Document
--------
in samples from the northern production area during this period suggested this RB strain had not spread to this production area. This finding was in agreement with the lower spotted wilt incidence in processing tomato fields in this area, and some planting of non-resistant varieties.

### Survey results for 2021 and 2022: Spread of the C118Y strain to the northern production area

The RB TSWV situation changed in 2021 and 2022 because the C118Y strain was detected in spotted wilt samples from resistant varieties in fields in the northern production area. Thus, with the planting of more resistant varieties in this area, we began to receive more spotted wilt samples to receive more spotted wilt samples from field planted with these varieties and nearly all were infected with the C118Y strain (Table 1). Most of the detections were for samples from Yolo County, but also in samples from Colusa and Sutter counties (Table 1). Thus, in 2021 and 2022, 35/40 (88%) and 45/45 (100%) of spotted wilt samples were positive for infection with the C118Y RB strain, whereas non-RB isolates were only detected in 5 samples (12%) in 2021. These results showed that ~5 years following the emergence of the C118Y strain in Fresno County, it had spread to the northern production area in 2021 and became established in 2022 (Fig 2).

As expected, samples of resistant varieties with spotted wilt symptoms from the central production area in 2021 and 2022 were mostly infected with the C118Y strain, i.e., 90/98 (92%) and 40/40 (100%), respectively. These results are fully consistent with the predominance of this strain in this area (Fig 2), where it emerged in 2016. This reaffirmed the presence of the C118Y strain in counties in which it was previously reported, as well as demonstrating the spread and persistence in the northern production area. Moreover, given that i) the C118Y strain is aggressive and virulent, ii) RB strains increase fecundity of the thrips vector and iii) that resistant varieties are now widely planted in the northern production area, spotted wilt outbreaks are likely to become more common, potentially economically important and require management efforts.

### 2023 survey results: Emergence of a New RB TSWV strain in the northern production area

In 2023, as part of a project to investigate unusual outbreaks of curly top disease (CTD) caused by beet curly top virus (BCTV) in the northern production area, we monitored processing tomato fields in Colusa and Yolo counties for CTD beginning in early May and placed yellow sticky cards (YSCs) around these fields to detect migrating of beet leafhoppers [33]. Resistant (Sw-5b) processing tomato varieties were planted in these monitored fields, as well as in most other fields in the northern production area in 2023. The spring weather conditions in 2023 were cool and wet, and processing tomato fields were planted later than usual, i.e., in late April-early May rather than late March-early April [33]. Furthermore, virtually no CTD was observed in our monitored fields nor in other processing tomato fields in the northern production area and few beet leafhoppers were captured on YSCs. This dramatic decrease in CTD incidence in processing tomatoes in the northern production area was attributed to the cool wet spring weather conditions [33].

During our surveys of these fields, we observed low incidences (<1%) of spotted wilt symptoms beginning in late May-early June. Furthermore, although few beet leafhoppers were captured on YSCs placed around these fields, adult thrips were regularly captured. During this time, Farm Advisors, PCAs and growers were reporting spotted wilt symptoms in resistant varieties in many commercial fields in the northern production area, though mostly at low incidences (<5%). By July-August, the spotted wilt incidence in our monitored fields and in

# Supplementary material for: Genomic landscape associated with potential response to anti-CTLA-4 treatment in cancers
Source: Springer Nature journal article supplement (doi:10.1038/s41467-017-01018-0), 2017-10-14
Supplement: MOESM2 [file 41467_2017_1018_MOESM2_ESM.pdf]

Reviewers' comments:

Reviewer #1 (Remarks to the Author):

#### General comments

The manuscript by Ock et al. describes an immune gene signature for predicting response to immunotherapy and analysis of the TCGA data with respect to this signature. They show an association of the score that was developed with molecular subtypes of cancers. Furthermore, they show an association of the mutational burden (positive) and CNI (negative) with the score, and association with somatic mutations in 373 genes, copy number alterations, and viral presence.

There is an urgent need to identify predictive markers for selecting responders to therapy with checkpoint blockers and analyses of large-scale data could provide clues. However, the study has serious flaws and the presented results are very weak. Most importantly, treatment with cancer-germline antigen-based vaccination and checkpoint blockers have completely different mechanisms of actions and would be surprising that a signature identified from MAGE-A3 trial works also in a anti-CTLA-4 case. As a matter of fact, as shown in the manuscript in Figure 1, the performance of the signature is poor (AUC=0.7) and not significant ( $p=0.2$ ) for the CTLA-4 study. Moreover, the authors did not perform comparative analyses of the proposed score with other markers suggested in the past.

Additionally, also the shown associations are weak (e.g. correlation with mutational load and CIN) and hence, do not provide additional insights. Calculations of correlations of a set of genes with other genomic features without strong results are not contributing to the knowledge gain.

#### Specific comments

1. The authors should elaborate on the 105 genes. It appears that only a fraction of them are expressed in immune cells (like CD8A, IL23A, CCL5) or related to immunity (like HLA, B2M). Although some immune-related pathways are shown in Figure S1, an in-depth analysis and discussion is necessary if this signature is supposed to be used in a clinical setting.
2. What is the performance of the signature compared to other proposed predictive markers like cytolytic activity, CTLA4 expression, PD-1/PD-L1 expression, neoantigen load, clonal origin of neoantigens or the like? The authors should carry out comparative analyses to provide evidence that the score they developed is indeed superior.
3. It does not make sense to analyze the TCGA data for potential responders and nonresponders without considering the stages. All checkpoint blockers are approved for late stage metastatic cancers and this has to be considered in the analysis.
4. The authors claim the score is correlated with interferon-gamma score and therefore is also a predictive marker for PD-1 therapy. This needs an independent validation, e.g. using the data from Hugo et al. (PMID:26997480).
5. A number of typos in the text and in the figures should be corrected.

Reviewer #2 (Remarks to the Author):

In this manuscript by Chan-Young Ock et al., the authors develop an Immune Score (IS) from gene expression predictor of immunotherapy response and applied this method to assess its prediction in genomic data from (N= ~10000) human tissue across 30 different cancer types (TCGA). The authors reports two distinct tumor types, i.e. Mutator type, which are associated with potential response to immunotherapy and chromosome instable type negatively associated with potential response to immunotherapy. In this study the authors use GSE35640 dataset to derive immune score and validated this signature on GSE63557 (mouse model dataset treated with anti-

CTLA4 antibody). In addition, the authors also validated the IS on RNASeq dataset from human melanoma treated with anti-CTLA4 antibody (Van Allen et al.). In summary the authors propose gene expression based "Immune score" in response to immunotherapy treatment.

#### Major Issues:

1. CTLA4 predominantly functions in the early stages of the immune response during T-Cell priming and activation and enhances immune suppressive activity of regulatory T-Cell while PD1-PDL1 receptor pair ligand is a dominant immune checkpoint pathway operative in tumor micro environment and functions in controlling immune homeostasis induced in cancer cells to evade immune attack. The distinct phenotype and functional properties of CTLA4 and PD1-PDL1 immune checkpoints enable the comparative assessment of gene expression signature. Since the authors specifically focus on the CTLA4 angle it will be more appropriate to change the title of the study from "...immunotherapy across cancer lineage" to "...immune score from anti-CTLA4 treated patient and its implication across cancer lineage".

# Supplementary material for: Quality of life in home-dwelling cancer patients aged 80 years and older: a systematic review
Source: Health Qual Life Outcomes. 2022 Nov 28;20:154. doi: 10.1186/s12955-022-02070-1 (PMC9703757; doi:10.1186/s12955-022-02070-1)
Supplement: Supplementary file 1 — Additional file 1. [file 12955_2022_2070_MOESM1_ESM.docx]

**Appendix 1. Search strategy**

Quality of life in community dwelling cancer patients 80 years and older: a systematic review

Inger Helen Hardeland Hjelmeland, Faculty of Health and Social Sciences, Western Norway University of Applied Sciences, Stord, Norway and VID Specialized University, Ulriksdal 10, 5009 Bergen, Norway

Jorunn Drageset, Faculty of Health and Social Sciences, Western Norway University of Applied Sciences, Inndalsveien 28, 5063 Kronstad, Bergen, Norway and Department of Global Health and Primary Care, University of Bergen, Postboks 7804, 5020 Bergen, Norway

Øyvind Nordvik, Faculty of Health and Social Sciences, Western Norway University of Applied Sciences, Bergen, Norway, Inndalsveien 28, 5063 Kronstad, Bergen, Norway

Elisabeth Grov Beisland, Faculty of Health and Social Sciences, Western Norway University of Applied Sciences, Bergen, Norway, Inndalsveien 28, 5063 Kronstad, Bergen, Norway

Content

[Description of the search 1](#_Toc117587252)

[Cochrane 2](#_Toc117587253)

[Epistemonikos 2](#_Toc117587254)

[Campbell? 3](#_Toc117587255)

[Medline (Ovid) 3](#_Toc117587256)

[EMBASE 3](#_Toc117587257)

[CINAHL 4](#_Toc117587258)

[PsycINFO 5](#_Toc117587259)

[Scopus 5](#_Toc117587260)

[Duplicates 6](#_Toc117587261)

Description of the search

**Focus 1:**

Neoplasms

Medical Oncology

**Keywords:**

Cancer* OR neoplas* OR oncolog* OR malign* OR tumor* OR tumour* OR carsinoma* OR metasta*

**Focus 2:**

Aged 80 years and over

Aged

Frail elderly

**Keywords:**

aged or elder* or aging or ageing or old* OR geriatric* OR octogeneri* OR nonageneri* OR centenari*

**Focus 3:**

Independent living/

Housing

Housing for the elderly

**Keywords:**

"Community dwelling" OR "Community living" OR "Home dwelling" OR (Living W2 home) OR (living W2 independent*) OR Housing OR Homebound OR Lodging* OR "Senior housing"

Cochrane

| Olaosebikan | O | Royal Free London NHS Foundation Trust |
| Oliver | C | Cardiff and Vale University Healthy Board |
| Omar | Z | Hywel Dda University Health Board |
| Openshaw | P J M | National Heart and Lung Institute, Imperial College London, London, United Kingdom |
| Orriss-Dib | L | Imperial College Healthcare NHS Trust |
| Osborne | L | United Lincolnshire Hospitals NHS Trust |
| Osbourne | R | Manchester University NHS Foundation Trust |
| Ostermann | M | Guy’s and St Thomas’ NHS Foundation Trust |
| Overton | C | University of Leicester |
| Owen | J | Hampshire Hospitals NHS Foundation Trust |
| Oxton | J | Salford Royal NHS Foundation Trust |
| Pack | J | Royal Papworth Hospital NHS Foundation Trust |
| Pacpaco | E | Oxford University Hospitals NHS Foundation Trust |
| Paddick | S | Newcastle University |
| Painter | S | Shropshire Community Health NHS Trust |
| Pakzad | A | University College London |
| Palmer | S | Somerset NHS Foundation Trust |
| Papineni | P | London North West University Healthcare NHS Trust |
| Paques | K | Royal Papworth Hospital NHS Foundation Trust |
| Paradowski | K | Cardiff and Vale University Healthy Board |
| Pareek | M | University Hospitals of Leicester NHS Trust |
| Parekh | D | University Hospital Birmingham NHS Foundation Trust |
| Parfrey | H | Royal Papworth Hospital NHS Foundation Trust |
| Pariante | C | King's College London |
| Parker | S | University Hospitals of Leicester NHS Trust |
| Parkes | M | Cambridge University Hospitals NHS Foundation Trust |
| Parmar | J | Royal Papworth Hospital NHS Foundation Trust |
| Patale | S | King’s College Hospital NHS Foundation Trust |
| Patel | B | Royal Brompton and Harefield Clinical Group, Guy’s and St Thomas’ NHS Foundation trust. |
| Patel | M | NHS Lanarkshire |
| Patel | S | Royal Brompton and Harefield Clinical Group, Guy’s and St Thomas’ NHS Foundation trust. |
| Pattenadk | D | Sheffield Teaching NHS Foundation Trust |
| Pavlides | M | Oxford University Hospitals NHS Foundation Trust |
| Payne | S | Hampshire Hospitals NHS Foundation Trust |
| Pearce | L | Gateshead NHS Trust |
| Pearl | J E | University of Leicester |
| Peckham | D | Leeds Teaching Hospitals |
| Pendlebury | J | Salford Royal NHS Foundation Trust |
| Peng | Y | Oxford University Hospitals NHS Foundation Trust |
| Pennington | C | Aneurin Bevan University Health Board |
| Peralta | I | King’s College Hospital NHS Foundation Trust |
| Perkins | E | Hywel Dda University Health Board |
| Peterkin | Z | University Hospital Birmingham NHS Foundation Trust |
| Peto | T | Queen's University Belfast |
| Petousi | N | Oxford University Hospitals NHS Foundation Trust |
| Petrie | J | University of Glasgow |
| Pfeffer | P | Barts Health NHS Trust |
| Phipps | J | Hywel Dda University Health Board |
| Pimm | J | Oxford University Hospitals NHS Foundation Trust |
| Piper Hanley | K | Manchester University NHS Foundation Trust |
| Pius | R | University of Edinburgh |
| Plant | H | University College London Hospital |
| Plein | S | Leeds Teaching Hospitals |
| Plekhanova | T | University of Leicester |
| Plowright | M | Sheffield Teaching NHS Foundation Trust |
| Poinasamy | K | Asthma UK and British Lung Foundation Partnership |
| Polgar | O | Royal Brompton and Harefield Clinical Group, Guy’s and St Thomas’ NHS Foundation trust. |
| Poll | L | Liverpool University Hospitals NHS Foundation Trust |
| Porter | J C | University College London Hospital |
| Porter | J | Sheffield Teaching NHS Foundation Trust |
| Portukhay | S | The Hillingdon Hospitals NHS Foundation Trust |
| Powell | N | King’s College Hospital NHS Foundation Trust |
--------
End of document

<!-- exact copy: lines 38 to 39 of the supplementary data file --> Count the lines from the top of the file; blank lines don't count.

[Description of the search 1](#_Toc117587252)

[Cochrane 2](#_Toc117587253)